Growing up in California, I first fell in love with mushing through a picture book about Balto, the famous Siberian husky. The true story—which I turned to again and again—began in January 1925. Children in the village of Nome were dying of diphtheria, and with every attempt to deliver supplies of antitoxin in the thick of an Alaskan winter—by plane, by train—ending in failure, an epidemic seemed imminent. With the community growing increasingly desperate, the local trappers proposed a far-fetched solution: a sled dog relay to mush the medicine from camp to camp. And though many dogs—and many humans—played heroic parts in the relay (a dog named Togo led his team through the toughest and longest stretch of trail), it was Balto, the lead dog, who ran the final stretch to Nome.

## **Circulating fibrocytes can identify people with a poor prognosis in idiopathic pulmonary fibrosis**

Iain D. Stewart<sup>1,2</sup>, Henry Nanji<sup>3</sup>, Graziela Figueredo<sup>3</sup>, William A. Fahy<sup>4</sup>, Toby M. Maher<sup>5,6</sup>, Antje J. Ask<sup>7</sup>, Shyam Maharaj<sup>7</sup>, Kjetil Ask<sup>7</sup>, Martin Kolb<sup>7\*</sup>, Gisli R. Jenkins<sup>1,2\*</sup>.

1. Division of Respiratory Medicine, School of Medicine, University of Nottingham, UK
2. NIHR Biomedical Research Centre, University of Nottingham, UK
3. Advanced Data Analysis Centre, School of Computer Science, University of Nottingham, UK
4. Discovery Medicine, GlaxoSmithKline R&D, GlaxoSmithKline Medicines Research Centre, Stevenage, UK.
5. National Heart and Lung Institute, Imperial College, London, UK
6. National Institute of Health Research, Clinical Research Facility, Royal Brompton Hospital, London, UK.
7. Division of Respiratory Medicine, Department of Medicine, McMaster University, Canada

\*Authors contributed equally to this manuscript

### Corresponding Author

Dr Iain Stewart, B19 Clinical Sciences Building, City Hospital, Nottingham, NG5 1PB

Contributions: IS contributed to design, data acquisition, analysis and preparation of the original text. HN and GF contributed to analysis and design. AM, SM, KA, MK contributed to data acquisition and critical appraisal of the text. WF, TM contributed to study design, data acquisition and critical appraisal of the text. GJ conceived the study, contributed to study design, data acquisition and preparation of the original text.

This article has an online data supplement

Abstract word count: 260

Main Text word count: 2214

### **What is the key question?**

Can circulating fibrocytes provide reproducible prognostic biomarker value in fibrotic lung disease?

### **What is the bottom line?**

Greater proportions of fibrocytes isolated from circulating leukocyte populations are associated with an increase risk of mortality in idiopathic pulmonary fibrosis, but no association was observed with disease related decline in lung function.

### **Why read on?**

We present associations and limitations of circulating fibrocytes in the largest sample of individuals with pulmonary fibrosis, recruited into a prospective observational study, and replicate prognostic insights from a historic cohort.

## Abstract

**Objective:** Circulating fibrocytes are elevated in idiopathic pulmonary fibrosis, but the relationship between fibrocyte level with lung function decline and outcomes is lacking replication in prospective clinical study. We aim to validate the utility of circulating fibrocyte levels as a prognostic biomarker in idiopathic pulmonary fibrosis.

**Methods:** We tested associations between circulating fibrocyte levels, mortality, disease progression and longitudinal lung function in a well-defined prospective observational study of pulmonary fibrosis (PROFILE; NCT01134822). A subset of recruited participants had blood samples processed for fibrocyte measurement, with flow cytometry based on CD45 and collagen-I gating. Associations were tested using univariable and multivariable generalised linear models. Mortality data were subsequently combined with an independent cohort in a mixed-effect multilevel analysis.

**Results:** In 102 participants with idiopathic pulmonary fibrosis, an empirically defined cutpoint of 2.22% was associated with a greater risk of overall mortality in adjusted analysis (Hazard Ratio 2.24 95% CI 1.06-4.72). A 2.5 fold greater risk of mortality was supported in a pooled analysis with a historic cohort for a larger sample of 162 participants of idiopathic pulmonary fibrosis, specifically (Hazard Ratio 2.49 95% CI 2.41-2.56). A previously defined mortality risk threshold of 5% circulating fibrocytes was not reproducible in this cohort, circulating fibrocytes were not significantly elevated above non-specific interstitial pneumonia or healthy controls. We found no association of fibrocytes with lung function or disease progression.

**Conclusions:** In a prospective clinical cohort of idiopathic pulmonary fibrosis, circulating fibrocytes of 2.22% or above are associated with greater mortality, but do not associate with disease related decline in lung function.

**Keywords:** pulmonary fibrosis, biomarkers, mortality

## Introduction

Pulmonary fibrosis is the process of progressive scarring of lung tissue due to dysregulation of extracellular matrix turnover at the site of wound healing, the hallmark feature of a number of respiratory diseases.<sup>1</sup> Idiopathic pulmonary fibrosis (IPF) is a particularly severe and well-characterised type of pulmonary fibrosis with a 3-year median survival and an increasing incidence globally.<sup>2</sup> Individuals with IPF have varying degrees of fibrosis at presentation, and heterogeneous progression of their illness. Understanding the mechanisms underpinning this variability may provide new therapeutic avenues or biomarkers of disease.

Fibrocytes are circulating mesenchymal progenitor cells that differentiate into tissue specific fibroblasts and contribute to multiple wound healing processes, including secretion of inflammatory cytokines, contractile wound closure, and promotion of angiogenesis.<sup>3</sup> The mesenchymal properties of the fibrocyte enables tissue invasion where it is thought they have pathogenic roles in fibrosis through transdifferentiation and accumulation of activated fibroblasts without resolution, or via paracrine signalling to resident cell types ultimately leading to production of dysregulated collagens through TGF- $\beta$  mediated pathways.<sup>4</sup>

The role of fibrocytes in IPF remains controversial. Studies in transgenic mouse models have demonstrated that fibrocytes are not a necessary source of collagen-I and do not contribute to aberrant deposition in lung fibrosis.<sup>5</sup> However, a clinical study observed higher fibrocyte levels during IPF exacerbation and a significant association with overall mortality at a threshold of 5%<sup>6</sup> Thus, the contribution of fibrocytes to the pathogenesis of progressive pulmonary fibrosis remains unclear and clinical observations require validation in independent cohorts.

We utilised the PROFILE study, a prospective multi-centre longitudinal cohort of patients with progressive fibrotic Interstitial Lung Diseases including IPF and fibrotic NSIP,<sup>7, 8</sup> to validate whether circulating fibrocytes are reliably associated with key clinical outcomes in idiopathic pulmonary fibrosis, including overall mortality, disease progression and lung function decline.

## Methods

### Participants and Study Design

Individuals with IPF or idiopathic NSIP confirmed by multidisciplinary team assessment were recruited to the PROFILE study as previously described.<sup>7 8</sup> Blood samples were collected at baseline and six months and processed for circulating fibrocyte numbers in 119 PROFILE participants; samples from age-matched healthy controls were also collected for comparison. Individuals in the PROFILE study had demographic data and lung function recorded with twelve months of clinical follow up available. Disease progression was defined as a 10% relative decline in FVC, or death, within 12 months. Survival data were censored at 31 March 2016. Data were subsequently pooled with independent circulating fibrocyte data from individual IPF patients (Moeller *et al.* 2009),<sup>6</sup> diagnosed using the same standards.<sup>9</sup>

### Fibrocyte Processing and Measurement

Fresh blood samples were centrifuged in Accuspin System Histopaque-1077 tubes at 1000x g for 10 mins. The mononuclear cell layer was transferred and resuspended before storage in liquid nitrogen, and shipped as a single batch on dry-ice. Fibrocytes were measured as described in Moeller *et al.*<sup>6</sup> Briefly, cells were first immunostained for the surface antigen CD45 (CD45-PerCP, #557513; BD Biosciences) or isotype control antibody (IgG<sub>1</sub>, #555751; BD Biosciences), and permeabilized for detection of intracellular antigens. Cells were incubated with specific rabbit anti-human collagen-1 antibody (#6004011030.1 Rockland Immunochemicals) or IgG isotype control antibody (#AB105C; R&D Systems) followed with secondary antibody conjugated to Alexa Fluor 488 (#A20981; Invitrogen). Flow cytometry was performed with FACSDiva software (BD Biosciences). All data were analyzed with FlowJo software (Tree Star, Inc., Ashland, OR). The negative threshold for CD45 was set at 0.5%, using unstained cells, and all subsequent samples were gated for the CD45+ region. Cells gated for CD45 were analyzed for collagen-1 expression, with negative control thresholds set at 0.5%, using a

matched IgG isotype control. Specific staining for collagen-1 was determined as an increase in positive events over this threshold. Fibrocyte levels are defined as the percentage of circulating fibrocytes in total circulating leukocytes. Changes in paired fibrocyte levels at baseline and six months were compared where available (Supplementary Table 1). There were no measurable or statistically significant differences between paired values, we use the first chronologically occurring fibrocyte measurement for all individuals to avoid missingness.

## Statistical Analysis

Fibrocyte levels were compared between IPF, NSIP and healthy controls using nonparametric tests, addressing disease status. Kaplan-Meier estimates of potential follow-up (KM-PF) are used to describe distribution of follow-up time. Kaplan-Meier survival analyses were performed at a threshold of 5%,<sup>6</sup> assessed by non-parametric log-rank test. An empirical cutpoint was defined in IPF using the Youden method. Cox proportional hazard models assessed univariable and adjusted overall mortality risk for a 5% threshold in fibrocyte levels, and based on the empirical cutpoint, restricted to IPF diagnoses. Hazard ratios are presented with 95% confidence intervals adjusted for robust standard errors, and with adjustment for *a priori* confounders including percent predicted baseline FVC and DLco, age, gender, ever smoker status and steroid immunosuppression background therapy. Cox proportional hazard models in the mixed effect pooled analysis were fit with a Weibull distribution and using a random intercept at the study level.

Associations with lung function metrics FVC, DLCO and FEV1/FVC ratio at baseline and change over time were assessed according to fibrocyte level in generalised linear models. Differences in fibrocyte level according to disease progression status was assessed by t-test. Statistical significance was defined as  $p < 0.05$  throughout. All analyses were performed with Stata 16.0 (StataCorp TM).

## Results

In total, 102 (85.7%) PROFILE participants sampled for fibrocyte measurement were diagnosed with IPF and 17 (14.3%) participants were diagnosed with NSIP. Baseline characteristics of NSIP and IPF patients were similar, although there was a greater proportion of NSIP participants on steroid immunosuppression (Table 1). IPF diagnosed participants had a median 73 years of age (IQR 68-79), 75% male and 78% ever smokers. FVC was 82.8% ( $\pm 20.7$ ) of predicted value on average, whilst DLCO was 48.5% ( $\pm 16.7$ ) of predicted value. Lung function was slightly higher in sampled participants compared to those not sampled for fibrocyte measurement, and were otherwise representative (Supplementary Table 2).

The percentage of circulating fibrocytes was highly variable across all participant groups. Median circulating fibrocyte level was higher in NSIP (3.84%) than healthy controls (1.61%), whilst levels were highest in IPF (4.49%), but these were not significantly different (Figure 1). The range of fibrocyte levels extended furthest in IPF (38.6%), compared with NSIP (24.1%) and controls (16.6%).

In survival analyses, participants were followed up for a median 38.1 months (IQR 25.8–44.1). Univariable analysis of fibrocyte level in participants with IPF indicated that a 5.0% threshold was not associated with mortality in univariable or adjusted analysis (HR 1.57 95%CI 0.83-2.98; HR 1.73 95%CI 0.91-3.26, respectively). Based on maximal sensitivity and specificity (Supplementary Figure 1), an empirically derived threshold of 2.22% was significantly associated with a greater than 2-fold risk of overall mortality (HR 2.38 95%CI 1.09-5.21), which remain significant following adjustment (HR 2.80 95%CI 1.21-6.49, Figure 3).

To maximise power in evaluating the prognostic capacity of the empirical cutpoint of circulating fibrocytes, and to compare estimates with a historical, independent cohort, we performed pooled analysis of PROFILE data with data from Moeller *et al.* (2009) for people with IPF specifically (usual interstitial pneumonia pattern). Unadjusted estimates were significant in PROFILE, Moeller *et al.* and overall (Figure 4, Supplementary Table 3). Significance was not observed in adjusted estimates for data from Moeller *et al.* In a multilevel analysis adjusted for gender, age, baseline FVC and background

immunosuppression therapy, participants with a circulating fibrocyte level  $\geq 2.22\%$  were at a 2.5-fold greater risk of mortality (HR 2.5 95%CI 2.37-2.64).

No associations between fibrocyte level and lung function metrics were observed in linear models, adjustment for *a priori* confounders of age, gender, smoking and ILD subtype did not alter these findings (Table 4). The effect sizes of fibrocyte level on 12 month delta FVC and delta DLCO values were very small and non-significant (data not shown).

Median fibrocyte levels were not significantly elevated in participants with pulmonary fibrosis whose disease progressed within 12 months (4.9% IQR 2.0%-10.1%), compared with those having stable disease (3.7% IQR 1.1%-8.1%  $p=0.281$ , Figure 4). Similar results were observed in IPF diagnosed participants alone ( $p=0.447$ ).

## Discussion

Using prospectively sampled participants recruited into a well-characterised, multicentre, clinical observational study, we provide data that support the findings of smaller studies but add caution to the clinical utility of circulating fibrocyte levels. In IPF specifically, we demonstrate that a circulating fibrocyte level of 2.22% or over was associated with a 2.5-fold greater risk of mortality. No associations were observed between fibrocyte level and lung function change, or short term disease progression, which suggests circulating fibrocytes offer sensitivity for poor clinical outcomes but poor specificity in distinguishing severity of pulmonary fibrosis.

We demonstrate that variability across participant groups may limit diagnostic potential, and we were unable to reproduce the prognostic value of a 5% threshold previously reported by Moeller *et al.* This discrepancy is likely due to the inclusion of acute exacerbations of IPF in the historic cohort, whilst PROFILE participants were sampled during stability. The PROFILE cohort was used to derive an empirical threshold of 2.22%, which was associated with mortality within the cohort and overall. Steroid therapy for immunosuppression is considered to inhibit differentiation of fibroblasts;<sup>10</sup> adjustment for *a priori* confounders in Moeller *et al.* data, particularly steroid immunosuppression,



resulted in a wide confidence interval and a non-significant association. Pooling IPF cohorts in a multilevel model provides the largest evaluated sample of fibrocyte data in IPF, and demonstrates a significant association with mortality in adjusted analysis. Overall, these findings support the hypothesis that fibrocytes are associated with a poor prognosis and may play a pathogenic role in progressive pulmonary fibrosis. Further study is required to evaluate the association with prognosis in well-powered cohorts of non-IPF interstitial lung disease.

The medicine arrived safely. The children were saved. And dogsledding—a niche mode of transportation throughout the frozen North—immediately became part of the public imagination. When I finished the book, I turned back to the first page.
More than 40 years later, the 1,000-mile Iditarod race was created, in part, to memorialize the relay and to preserve the tradition of long-distance dogsledding in a culture fast turning to snowmobiles for winter transportation. But who, I wondered, would want to drive a machine when you could travel by dogsled?
The 47th Annual Iditarod Trail Sled Dog Race kicked off on March 2nd at 10 a.m. with 52 teams.?Vogue?spoke to five mushers during pre-race training.